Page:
Make no mistake…the carry trade makes money. In fact, returns on the carry trade can exceed 10% - 60%+ annually. Unfortunately, for 95%+ of individual investors, the funds that use the carry trade to generate returns can’t market to the public and the minimum investment can exceed $500K - $1 million+. Consequently, those privileged enough to participate in the carry trade tend to be high net worth investors, hedge funds, home offices, feeder funds, institutions and/or corporations.
Recent technological advances in trading platforms have opened this highly profitable trade to individual investors. The ability to move 100’s of millions in SMAs (Separately Managed Accounts), automatically rebalance accounts, set margin limits, and get fills from multiple liquidity providers has all but eliminated the need for a “fund” structure. What does this mean? It means that individual investors can now actively participate in these returns and profit from the carry trade with opening account balances as low as $50,000.
What exactly is the carry trade?
The carry trade can be defined as borrowing in one currency that has a low interest rate to buy another currency that has a higher interest rate. In doing so, the money manager can capture the difference between the two interest rates. With zero leverage applied, the trade will yield the spread between the two currencies. With, for example, 5 times leverage applied, the trade yields the spread times 5. If the currency is paying 3.5% interest, the trade yields roughly 17.5%. If more leverage is used, the math is the same. The carry trade is one of the most powerful investment strategies investors can now employ.
What you should know.
There are 3 parties involved in the carry trade: the investor, the money manager, and the liquidity provider. All three must have their needs met in order for the trade to function smoothly. The investor is looking for good returns. The manager is looking for fees, and the liquidity providers are looking for fees and flows. The investor pays fees to the money manager and provides the flows to the liquidity provider via their initial investment deposit. The money manager provides the trading expertise. The liquidity provider provides access to the Forex markets and liquidity to execute the trade.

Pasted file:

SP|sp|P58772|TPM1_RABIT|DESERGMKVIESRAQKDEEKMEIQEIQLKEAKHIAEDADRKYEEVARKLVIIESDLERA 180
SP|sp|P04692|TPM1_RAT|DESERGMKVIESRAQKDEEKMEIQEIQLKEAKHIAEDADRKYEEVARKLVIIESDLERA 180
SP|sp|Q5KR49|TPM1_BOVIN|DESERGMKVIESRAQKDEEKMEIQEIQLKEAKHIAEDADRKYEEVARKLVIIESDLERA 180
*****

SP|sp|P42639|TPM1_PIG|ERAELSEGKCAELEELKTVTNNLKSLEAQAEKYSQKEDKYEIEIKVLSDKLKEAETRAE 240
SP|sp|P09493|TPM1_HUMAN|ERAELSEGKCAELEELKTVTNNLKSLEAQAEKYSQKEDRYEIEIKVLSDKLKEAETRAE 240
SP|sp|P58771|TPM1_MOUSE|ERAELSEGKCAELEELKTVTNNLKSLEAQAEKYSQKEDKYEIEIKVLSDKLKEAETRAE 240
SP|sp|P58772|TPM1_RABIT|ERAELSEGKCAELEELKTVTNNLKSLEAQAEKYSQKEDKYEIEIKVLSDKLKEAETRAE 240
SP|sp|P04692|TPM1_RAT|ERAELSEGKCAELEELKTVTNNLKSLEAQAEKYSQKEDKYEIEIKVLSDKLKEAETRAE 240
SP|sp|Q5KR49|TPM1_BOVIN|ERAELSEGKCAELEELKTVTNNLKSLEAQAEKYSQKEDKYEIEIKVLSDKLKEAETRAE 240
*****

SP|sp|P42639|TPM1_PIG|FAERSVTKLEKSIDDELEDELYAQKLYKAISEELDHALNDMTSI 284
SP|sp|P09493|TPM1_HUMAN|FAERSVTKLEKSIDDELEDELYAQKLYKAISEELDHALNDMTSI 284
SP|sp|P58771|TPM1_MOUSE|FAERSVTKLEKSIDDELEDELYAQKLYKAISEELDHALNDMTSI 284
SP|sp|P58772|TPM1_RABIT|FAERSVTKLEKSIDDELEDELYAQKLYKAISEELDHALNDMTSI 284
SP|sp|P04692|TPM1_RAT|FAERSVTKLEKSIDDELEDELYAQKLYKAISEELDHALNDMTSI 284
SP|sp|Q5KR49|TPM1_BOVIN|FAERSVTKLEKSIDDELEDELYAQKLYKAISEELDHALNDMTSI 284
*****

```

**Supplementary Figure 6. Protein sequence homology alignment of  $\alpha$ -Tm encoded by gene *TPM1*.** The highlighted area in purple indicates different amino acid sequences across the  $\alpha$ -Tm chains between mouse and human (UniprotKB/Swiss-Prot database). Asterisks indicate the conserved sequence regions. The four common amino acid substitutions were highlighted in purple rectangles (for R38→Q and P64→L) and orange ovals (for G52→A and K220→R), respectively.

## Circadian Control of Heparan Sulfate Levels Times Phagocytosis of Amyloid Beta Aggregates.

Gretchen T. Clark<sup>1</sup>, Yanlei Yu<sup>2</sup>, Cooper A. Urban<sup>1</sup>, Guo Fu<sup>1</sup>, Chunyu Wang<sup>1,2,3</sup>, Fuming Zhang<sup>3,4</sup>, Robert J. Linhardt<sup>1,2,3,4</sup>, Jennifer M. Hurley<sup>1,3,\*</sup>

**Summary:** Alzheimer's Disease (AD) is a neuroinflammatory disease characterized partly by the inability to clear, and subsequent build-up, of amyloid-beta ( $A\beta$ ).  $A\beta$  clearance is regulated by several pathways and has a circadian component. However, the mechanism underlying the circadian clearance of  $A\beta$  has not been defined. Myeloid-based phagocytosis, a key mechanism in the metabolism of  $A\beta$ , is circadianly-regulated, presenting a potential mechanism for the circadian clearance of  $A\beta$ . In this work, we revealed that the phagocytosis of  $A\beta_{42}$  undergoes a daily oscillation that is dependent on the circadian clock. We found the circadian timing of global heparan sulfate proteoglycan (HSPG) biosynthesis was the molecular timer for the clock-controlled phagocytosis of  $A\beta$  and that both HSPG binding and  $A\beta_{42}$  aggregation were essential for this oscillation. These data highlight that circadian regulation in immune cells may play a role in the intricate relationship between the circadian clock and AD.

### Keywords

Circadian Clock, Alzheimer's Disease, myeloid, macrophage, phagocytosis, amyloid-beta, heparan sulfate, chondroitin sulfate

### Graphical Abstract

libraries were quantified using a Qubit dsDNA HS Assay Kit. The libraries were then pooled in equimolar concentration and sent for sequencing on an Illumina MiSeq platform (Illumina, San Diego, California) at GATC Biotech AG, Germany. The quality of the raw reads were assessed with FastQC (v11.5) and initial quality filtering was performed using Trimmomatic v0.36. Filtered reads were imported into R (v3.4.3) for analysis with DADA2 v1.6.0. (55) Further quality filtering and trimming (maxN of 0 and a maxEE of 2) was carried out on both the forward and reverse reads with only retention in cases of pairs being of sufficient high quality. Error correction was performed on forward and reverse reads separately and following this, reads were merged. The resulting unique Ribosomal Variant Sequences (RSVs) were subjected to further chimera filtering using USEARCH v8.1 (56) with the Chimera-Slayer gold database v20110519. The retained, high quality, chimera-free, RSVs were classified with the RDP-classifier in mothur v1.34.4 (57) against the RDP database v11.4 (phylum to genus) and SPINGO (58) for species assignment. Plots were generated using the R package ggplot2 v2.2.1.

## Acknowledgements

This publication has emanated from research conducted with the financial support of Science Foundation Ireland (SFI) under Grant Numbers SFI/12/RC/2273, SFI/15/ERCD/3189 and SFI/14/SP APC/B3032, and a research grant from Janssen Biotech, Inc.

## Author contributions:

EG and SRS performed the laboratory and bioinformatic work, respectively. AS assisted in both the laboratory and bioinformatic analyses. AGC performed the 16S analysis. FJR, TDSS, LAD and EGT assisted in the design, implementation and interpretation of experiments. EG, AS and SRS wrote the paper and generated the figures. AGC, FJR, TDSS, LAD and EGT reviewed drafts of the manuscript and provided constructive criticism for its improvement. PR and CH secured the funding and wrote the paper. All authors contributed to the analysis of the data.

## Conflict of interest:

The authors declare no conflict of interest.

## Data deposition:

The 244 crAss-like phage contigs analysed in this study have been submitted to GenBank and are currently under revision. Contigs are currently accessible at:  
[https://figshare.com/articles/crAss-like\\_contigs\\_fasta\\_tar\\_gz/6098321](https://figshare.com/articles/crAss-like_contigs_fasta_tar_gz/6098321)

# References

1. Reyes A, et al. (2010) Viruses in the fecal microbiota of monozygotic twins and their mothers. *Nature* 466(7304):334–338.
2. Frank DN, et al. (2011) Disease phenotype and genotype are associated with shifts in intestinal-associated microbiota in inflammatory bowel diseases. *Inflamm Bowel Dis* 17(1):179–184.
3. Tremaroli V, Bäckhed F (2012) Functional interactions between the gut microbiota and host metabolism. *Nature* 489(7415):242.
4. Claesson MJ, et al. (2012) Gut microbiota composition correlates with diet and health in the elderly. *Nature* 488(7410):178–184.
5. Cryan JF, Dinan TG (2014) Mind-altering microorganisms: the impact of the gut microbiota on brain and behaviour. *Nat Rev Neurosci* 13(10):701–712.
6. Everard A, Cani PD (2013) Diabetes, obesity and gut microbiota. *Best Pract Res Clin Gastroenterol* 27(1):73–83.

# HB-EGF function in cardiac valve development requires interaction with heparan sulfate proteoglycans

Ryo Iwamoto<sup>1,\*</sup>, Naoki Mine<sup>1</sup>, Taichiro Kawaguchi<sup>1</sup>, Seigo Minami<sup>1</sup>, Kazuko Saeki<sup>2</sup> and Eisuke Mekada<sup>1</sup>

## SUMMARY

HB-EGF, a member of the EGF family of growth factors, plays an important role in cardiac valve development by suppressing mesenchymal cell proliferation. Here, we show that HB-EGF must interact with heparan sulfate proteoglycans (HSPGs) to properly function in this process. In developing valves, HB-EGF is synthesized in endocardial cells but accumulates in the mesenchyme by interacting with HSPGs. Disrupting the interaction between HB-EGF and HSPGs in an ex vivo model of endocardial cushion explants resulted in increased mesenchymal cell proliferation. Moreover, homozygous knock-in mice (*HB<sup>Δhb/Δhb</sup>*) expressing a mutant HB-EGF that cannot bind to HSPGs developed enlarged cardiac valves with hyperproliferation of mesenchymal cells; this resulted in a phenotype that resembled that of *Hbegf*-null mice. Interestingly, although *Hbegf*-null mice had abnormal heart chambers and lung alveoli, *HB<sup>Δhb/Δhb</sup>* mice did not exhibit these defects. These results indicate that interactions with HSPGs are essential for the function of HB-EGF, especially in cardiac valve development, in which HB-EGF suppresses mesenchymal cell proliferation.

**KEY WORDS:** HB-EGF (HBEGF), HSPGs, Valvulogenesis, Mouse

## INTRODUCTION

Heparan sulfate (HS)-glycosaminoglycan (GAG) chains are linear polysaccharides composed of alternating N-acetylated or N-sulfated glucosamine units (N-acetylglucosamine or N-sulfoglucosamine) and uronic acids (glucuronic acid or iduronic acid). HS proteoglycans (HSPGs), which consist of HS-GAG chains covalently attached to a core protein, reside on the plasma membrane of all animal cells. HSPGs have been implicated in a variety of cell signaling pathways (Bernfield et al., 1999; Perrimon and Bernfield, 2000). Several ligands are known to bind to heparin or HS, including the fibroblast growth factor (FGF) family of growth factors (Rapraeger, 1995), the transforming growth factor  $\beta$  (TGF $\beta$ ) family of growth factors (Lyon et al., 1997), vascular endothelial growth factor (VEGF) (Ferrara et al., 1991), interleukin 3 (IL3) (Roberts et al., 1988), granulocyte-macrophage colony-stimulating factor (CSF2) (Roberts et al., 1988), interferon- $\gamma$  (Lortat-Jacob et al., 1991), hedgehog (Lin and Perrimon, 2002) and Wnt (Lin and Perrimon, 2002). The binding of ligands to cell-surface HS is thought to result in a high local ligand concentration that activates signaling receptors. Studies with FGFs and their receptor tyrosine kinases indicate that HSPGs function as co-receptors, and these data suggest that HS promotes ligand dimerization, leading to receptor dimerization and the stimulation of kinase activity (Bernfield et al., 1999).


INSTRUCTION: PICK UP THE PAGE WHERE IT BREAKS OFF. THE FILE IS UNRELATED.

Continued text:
Returns on the carry trade can exceed 10-60%+ depending on interest rates and the amount of leverage utilized. More leverage means an increase in the currency or market risks. However, lower levels of leverage decrease the underlying currency risk and can still produce impressive double digit returns.
Where’s the risk in the carry trade?
The transaction risk lies in the interest rates and, to the extent that interest rates fluctuate, may negatively affect or perhaps enhance the carry. However, interest rate fluctuations have a greater impact in the decision process associated with whether or not the carry is worth the risk that comes with the increased leverage needed to generate returns on a low yielding currency. When global interest rates rise, the carry trade will produce higher returns. If global interest rates continue to decline, the carry would require additional leverage and therefore, run the risk of amplifying the currency risk.
The currency or market risk lies in the volatility of the underlying currency pair. When performing the carry trade, a manager is, in effect, shorting the currency he is borrowing and long the currency he is buying. He nets the interest on the long position and pays the interest on the short position. If the underlying currency on the long side goes down in value, he loses money on that side of the trade. Conversely, if the underlying currency on the short side gains value, he loses money. You can quickly see why the currency risk poses the greatest threat to a successful carry. One needs to eliminate the currency risk altogether, leaving only global interest rates to monitor.